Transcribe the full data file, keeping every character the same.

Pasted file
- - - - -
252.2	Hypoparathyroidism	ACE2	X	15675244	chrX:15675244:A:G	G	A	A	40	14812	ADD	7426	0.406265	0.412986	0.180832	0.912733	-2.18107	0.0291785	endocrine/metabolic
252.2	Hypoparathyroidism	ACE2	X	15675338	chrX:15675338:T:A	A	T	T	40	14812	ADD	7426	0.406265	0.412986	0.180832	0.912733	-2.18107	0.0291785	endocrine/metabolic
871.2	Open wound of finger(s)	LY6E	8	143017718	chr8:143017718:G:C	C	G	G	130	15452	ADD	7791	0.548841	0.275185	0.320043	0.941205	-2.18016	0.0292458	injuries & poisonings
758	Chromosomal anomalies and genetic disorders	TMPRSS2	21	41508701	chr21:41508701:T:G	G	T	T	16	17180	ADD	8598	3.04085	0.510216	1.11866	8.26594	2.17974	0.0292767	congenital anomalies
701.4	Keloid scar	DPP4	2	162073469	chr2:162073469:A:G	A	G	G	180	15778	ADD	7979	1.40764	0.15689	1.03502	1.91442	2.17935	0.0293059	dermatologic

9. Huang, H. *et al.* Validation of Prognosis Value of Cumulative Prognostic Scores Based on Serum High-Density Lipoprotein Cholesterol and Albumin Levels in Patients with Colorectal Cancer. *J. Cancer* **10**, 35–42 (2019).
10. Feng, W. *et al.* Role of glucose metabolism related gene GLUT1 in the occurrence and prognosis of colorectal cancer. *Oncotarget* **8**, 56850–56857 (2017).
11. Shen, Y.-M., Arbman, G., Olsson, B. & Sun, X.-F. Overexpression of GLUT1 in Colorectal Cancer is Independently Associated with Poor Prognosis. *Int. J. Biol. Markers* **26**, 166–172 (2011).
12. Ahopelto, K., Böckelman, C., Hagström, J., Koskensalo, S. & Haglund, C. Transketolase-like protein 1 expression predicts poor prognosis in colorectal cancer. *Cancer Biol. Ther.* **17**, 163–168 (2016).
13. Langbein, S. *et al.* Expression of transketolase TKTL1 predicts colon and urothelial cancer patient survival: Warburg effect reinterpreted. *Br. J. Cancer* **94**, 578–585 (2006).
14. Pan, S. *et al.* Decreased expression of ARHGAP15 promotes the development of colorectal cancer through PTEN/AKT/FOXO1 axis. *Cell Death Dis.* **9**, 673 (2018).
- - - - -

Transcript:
252.2	Hypoparathyroidism	ACE2	X	15675244	chrX:15675244:A:G	G	A	A	40	14812	ADD	7426	0.406265	0.412986	0.180832	0.912733	-2.18107	0.0291785	endocrine/metabolic
252.2	Hypoparathyroidism	ACE2	X	15675338	chrX:15675338:T:A	A	T	T	40	14812	ADD	7426	0.406265	0.412986	0.180832	0.912733	-2.18107	0.0291785	endocrine/metabolic
871.2	Open wound of finger(s)	LY6E	8	143017718	chr8:143017718:G:C	C	G	G	130	15452	ADD	7791	0.548841	0.275185	0.320043	0.941205	-2.18016	0.0292458	injuries & poisonings
758	Chromosomal anomalies and genetic disorders	TMPRSS2	21	41508701	chr21:41508701:T:G	G	T	T	16	17180	ADD	8598	3.04085	0.510216	1.11866	8.26594	2.17974	0.0292767	congenital anomalies
701.4	Keloid scar	DPP4	2	162073469	chr2:162073469:A:G	A	G	G	180	15778	ADD	7979	1.40764	0.15689	1.03502	1.91442	2.17935	0.0293059	dermatologic

9. Huang, H. *et al.* Validation of Prognosis Value of Cumulative Prognostic Scores Based on Serum High-Density Lipoprotein Cholesterol and Albumin Levels in Patients with Colorectal Cancer. *J. Cancer* **10**, 35–42 (2019).
10. Feng, W. *et al.* Role of glucose metabolism related gene GLUT1 in the occurrence and prognosis of colorectal cancer. *Oncotarget* **8**, 56850–56857 (2017).
11. Shen, Y.-M., Arbman, G., Olsson, B. & Sun, X.-F. Overexpression of GLUT1 in Colorectal Cancer is Independently Associated with Poor Prognosis. *Int. J. Biol. Markers* **26**, 166–172 (2011).
12. Ahopelto, K., Böckelman, C., Hagström, J., Koskensalo, S. & Haglund, C. Transketolase-like protein 1 expression predicts poor prognosis in colorectal cancer. *Cancer Biol. Ther.* **17**, 163–168 (2016).
13. Langbein, S. *et al.* Expression of transketolase TKTL1 predicts colon and urothelial cancer patient survival: Warburg effect reinterpreted. *Br. J. Cancer* **94**, 578–585 (2006).
14. Pan, S. *et al.* Decreased expression of ARHGAP15 promotes the development of colorectal cancer through PTEN/AKT/FOXO1 axis. *Cell Death Dis.* **9**, 673 (2018).